Opening line: “What we now call the Great Trouble began one thick, hot, foul-smelling morning in August.”
As a recent transplant to a new state, I’ve got a new list of reader’s choice award nominees to read. I’d already read about 4 of them, but have a whole slew of others to get through as quickly as possible so that I can start promoting them to students! The Great Trouble was one of the ones available for immediate check out at the public library as soon as I heard I was being considered for a new middle school job, so it was up first!
Orphan Eel is doing his best to take care of himself and his little brother Henry, by doing just about any job he can get, including running errands for the local tailor. But when the tailor gets suddenly and incredibly sick one day, dying the next, Eel senses that finding his next paycheck is the least of his troubles. Soon the entire neighborhood appears to be just pulsing with the illness known to everyone as “The Blue Death”, but known to us today as cholera. In Eel’s desperation, he goes to another one of his employers, Dr. John Snow, to ask for help. Dr. Snow is instantly anxious to help, but not in the way Eel imagines. Instead of providing Eel’s friends with any kind of comfort or medicine, Dr. Snow immediately takes samples from the community well, in his opinion the culprit of the epidemic. Dr. Snow’s opinion is not a popular one — the well has the cleanest and best tasting water in the area, and everyone knows cholera is spread through the air! If Dr. Snow is going to prove otherwise, he’s going to have to act fast, and he’s going to need Eel’s help.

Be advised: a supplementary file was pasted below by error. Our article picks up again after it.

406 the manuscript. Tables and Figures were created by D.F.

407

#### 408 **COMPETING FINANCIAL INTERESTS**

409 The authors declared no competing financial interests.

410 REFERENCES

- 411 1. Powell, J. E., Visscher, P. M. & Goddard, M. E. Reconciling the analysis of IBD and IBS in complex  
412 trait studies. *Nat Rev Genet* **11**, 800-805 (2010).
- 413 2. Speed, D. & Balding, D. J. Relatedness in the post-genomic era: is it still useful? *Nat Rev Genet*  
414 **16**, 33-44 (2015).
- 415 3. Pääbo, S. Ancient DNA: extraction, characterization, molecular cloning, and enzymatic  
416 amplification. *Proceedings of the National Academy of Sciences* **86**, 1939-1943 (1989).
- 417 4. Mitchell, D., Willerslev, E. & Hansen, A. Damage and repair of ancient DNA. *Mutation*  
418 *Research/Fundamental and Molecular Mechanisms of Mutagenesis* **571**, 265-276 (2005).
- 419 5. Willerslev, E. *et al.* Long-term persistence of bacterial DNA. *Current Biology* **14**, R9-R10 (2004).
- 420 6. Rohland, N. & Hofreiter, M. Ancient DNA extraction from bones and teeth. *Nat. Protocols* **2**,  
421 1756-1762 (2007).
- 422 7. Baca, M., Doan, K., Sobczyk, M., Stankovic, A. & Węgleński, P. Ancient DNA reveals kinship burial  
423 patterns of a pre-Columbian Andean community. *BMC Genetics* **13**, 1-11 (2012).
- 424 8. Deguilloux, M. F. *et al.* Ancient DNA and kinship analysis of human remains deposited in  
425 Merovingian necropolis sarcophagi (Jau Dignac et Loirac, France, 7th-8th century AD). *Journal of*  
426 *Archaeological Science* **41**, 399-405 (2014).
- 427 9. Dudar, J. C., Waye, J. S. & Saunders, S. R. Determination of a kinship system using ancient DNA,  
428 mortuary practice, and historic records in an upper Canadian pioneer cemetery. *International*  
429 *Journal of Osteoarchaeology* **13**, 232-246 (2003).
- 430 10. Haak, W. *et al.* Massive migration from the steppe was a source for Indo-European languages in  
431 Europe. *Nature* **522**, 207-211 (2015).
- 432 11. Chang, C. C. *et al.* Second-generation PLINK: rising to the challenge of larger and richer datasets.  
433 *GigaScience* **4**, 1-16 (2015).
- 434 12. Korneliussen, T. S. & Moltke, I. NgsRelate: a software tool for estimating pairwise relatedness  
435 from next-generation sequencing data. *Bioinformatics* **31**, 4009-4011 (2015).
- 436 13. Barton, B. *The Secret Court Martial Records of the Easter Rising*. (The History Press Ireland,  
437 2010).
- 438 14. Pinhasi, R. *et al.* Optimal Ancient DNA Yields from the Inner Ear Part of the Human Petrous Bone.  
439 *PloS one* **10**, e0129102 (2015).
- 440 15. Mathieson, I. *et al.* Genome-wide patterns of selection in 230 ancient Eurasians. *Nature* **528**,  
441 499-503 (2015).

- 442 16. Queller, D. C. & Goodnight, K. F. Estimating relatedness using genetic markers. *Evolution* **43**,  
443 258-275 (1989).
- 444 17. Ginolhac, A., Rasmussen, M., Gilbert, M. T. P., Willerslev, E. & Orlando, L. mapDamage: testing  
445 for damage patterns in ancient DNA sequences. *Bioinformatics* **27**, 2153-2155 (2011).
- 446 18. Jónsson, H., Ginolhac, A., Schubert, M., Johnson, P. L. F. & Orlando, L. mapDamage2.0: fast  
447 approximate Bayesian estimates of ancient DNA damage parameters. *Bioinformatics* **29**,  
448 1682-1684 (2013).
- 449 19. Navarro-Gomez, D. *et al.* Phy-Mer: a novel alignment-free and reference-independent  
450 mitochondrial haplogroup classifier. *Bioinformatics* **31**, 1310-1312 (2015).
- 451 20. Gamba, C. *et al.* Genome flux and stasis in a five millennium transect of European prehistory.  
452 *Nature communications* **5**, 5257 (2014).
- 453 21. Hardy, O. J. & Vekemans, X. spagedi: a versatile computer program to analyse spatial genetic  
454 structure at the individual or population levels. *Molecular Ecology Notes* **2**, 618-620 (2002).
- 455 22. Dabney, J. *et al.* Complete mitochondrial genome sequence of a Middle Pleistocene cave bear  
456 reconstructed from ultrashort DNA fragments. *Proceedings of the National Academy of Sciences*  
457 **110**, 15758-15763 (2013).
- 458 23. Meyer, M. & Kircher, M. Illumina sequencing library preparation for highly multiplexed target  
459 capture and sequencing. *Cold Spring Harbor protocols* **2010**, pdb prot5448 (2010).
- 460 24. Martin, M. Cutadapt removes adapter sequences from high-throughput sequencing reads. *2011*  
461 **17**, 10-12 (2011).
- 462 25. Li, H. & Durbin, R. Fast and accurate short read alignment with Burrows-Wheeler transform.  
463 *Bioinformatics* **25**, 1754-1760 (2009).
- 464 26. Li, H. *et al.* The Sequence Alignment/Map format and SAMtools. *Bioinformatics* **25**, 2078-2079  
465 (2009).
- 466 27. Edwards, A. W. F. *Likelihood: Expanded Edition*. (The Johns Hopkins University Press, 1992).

This book is going to be a big hit with kids who like Laurie Halse Anderson’s Fever 1793 (which was a big seller in my school in Illinois…we’ll see if that holds any weight in my new school). Like Anderson does in Fever, Hopkinson expertly blends real historical drama and characters with her created story, making it hard to tell where fiction and fact meet. (I was super impressed by Anderson’s ability to do this, if you remember.) This book also does a great job of exploring the scientific process (answering the “5 W’s” described by Dr. Snow) in a fictional context, reminiscent of Calpurnia Tate. It’s not going to win the South Carolina Junior Book Award, I’m pretty confident, but a good addition to the shelves.